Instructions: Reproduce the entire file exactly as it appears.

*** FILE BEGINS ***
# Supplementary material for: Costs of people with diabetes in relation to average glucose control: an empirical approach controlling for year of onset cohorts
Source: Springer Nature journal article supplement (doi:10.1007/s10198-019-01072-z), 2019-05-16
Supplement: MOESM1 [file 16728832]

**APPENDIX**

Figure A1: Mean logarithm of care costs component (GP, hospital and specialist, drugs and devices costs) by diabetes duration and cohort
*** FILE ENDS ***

# Supplementary material for: Costs of people with diabetes in relation to average glucose control: an empirical approach controlling for year of onset cohorts
Source: Springer Nature journal article supplement (doi:10.1007/s10198-019-01072-z), 2019-05-16
Supplement: MOESM1 [file 16728832]

**APPENDIX**

Figure A1: Mean logarithm of care costs component (GP, hospital and specialist, drugs and devices costs) by diabetes duration and cohort